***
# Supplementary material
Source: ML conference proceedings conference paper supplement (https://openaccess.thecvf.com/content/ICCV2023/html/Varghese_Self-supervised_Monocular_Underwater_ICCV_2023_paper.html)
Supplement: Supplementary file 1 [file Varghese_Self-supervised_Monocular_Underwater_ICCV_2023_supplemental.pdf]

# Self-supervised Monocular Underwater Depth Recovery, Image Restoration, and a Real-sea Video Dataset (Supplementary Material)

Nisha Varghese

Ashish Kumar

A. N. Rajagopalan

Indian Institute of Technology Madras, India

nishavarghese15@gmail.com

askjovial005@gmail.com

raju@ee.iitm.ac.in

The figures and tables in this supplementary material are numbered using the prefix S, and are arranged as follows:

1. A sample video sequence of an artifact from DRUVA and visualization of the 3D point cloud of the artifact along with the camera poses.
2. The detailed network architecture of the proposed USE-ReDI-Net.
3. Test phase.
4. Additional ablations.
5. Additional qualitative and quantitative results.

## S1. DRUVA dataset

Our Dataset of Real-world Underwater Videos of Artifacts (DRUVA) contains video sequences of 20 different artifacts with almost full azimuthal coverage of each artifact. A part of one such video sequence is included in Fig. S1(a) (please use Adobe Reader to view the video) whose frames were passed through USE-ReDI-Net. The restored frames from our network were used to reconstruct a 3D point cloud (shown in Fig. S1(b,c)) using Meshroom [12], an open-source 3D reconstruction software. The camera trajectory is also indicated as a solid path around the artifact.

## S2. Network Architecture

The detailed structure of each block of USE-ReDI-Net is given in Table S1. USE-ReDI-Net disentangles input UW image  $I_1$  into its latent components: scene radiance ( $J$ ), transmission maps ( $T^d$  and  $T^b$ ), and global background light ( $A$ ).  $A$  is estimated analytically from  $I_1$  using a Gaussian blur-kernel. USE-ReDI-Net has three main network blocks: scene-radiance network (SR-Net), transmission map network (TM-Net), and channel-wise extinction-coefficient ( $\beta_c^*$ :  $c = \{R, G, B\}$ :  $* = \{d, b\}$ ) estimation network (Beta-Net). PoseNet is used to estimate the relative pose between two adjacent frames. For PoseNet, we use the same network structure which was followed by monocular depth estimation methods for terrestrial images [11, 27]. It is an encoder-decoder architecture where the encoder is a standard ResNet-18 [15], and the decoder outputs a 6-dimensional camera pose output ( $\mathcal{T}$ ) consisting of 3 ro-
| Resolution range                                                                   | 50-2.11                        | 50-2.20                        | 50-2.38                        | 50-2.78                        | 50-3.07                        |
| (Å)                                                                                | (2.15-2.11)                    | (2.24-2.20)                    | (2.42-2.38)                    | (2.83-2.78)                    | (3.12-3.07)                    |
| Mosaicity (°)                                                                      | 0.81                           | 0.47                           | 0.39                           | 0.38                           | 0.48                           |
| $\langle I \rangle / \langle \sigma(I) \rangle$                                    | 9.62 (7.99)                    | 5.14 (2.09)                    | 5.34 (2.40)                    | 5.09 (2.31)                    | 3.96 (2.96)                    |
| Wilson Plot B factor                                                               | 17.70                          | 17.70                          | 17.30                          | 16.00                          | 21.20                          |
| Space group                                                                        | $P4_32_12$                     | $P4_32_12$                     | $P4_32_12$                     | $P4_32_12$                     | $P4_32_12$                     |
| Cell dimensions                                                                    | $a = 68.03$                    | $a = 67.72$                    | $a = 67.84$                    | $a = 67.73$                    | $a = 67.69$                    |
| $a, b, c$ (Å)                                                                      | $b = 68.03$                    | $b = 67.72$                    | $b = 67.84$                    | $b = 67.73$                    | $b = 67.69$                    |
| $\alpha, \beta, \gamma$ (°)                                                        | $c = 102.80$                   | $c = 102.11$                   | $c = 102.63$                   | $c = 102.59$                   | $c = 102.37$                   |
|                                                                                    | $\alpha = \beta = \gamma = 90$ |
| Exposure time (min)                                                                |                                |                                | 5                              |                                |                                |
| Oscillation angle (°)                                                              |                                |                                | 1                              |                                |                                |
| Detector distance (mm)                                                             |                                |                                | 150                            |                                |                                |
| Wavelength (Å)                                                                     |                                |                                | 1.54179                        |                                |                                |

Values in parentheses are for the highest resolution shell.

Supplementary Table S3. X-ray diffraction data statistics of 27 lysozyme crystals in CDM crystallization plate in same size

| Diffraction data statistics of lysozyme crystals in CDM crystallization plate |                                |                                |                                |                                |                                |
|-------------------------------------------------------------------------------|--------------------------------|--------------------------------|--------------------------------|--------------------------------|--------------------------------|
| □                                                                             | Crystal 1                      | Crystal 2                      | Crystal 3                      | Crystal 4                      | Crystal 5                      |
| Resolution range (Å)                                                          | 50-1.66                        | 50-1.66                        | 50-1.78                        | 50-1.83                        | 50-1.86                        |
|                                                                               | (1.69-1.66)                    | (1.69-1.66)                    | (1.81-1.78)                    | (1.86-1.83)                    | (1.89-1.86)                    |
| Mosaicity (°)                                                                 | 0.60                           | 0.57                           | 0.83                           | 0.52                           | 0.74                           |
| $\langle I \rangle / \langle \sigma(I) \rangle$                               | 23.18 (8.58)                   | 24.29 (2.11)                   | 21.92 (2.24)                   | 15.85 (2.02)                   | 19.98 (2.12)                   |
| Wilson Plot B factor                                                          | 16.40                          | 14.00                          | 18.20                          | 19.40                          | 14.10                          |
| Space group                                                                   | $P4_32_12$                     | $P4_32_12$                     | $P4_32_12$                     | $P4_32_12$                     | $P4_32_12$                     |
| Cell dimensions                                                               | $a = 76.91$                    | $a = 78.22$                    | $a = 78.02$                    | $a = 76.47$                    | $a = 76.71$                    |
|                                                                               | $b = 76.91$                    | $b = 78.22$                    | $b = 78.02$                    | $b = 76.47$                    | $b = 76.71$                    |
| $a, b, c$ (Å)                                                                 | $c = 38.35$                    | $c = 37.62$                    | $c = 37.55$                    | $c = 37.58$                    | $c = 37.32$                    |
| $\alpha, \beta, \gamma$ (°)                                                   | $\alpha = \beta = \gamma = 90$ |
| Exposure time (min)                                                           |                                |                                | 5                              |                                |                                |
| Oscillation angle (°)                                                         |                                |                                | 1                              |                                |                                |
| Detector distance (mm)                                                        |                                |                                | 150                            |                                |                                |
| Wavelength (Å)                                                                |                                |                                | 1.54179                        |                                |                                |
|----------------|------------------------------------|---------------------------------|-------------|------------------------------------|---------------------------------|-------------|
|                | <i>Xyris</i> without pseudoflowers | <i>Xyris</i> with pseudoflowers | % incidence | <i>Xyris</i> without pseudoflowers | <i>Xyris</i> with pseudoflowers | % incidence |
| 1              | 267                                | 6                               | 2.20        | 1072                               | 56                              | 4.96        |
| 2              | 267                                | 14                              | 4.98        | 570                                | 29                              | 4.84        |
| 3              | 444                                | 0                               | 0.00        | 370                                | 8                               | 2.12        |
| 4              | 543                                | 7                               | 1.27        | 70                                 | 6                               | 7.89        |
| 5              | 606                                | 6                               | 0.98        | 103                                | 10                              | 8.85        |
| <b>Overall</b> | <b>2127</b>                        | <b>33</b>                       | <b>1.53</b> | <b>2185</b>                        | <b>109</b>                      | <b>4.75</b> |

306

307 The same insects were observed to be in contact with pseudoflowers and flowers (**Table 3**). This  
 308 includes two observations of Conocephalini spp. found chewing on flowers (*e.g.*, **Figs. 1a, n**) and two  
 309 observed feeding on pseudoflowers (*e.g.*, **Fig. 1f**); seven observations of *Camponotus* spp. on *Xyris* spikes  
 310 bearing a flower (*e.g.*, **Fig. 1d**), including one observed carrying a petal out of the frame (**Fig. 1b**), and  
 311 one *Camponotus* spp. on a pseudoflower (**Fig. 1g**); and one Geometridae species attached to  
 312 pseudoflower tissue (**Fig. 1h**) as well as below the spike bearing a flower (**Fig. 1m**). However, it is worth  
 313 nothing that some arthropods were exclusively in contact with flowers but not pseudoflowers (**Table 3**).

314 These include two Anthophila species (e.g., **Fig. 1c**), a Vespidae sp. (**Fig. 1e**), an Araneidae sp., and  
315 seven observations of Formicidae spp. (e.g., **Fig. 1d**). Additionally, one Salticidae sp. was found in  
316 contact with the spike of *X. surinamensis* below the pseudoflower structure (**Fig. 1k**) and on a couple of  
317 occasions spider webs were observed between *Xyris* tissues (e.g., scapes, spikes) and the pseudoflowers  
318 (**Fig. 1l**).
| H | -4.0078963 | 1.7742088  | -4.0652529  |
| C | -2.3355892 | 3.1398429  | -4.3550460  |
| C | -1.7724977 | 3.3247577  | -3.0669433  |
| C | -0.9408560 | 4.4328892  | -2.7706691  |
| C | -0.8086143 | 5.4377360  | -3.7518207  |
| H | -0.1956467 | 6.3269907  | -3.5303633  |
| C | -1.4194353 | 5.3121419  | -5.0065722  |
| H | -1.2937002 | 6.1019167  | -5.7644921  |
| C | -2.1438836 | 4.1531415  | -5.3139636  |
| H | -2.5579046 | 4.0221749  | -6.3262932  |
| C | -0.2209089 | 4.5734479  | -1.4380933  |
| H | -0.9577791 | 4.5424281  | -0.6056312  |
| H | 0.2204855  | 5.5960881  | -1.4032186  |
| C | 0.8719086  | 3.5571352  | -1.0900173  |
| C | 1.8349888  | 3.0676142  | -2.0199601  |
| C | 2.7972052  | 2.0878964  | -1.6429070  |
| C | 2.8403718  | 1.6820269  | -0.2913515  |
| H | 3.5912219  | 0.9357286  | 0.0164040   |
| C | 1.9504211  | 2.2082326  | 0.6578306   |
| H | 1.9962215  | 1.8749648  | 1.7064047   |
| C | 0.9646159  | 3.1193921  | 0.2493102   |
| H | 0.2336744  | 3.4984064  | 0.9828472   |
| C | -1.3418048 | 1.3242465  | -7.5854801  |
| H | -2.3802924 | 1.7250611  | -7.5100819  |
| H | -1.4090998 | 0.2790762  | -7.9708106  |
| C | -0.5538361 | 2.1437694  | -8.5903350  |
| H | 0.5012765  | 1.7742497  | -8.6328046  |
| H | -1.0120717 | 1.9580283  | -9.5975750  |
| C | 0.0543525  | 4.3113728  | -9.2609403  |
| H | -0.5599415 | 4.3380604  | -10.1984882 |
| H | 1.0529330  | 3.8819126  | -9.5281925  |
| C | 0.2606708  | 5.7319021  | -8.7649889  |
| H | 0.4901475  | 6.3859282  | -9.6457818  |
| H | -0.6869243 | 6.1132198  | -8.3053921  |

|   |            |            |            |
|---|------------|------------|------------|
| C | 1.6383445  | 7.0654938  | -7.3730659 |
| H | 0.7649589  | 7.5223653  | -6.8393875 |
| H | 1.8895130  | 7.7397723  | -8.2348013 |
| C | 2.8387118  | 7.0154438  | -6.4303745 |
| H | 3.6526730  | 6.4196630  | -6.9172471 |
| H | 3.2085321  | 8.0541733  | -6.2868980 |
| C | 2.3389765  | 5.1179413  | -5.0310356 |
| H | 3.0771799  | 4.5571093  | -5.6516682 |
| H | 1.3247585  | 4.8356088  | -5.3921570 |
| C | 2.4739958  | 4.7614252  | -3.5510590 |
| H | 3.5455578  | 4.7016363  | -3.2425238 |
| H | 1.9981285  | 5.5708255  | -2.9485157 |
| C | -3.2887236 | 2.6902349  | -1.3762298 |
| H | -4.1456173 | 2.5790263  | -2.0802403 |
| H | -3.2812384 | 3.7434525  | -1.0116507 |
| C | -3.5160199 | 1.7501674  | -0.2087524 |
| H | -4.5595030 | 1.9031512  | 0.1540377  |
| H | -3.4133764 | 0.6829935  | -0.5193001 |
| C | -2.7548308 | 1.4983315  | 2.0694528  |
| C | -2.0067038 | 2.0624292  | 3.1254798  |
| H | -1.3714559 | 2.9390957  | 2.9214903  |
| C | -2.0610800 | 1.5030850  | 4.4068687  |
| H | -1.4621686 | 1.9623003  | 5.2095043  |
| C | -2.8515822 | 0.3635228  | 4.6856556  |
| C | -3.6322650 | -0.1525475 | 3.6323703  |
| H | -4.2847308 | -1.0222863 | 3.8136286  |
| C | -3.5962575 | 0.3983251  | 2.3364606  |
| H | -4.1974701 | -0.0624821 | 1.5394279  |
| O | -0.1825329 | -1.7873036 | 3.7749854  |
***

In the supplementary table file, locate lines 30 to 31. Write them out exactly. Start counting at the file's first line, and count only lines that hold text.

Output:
| $\alpha, \beta, \gamma$ (°)                                                        | $c = 102.80$                   | $c = 102.11$                   | $c = 102.63$                   | $c = 102.59$                   | $c = 102.37$                   |
|                                                                                    | $\alpha = \beta = \gamma = 90$ |